Wednesday, 1 July 2015

Domaine Ste Croix – an English estate in the Corbières.


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I keep seeing Liz and Jon Bowen from Domaine Ste Croix at various wine fairs, notably Millésime Bio, and on the last occasion at RAW, when I said, I am not going to taste your wines today.  We’ll make a plan for me to visit you in the Corbières, which will be much more rewarding, and fun, And indeed it was. 

First of all Liz explained how an English couple land up making wine in the Corbières.   She did a degree in agriculture and agricultural economics, but nothing particularly related to wine, and that led her to work in finance.  Jon read History and worked in various wine shops, and realised that it was what was in the bottle and how it got there that interested him, rather than selling the stuff.  So in 1996 he did the first full time wine making course at Plumpton College in Sussex  and then went on to spend a number of years dong contract winemaking, in France with various organic wine producers, and also in California and Australia, and after working with Pierre Clavel near Montpellier for a couple of years, they decided the time had come to buy something for themselves.




So they looked for old vines, namely Grenache Noir and Carignan, and limestone, and in the Languedoc as vineyards there are affordable.  The Minervois was a possibility, and also Roussillon, and then someone suggested the Corbières and that is where they found limestone with volcanic outcrops in the village of Fraisses des Corbières.  They bought a going concern.  The previous owner had delivered his grapes to the village coop and then to nearby Durban until that cooperative closed down in 1999.  His son helped him to build a winery, but was not interested in working with his father, so after four years it was time to sell.  So in 2004 Liz and Jon bought 15 hectares of vineyards, which they have reduced to 12, as well as a functioning cellar.   Liz explained that they have been organic right from the beginning, but that can be complicated if your neighbours are not, and no one else is in the village, so over the years they have managed to create about six islands of vines where there are no neighbours, by buying, swopping and selling  vineyards.   Jon is the winemaker, but Liz helps with blending and in the vineyards, and also does the paperwork.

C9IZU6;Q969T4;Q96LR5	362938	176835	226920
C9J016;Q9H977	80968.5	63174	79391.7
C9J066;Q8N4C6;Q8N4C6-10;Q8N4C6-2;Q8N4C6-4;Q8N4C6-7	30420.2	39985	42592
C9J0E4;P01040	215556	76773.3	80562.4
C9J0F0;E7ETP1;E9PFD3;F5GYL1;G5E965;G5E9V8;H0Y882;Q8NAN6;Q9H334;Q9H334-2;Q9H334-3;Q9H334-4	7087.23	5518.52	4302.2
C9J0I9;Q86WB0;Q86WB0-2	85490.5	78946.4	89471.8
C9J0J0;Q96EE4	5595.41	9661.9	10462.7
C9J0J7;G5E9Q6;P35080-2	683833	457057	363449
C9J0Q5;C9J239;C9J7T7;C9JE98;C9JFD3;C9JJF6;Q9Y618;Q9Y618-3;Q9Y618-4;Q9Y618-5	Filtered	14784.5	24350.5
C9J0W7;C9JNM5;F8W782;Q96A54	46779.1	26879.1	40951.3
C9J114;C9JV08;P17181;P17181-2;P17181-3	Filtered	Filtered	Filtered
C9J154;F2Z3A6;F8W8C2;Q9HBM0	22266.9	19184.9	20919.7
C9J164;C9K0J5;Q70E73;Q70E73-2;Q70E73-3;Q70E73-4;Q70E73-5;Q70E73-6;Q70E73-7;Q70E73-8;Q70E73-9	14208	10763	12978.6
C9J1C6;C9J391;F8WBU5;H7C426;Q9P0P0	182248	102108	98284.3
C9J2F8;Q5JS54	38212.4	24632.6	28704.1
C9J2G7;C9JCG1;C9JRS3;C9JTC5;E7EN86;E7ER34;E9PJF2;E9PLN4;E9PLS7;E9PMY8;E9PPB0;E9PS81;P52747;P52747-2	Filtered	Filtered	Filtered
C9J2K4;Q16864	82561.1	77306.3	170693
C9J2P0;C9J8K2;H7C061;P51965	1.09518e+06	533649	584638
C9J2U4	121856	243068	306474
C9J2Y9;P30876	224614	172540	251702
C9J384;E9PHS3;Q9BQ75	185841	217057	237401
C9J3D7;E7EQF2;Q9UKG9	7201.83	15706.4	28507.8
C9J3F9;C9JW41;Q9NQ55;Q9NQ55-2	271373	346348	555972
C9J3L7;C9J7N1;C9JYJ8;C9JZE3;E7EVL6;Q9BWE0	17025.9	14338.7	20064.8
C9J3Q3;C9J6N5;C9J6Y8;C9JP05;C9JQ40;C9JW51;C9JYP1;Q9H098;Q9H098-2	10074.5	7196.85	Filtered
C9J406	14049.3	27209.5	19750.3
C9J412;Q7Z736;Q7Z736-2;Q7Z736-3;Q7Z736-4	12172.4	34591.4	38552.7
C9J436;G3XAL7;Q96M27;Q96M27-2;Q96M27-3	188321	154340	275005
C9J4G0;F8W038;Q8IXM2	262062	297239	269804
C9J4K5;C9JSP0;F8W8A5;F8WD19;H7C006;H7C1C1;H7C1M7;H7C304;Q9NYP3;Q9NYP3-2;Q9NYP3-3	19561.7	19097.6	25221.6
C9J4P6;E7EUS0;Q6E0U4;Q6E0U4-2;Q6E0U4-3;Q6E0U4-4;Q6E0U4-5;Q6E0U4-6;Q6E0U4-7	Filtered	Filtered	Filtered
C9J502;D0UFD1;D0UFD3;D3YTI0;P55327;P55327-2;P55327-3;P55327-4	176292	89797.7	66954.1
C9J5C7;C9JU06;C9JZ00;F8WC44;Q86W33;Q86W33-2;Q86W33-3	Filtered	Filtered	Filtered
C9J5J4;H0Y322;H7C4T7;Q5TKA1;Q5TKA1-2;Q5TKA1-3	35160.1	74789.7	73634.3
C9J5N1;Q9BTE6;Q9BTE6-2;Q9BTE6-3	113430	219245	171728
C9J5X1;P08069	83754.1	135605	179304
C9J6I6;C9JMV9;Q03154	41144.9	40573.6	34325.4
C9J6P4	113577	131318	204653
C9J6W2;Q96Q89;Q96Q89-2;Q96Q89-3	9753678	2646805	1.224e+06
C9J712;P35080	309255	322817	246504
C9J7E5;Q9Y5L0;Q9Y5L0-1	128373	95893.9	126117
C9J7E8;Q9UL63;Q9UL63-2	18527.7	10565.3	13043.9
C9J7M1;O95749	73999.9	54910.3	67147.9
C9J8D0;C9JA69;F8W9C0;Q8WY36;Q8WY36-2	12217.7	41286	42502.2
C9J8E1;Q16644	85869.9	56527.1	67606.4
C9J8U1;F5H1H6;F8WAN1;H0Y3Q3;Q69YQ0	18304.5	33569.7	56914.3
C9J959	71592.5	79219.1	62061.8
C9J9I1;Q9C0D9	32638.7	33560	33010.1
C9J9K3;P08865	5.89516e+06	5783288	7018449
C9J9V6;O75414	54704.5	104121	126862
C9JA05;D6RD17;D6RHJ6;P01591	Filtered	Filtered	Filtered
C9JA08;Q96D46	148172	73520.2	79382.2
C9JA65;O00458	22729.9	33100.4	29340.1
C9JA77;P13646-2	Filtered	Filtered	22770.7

Half their vineyards are old Carignan planted in 1900 and 1905, and they also have some Grenache Noir and Syrah, as well as Grenache Blanc and Grenache Gris, from the 1940s, mixed up together, on two distinct vineyards, one of limestone and one of schist.    Illogically Grenache Gris is not recognised in the Corbières; it is deemed to be a mutation of Grenache Blanc, and so not considered a separate variety in the appellation regulations.  Five kilometres further south in Roussillon it is deemed to be a different variety.  Such are the intricacies of French wine legislation. 

Liz enthused about Carignan, which is still very much the grape variety of Corbières, even though the maximum percentage is fixed at 50%.  I also asked her about the putative cru of Durban.  It is really only the cooperatives, Embrès et Castelmaure and Cascastel that are interested in it.   There are not enough independent producers to give it any weight – and they don’t really need it.  And we talked about the market.  Liz observed that curiously it is difficult to sell to the UK – it is almost as though the buyers prefer to deal with French when they are buying French wine.  Happily, however,  Cambridge Wine have just taken them on.  The US market is much more lively, and willing to pay higher prices. 

We talked about organic and natural wine.   They have gradually moved to minimal SO2 for some wines, and no SO2 for another.  They began using cultured yeast as it was safer at the beginning, and then in 2007 tried out natural yeast, and from 2009 everything has been fermented with natural yeast.  They practice minimum intervention in both winery and vineyard.  This entails spending a lot of time in the vineyards checking to see if they need to treat, but not necessarily doing so.  Again in the cellar they are continuously tasting to check the evolution of their wines, and to see what needs to be done.  They may use a little sulphur at harvest, depending on the condition of the grapes and the weather, and maybe a little at bottling, especially for the export market, with uncertain transport conditions.  Liz does not really see a big difference  between organic and natural wines.   You chose and judge a wine by its flavour, not by the principle.  White wine should not look like lemonade, she laughingly observed.  And they are not biodynamic in the vineyard.  She is interested, but there is a lot to learn, and it needs to be done properly and it is very time consuming, with several constraints.    Sulphur dust is one of the cheapest way to treat the vines, used by most people in the village.  Weed control is the most difficult thing; they leave the grass to grow, which encourages the  bees, and they cut it when it is dying down anyway.    And then we did some tasting: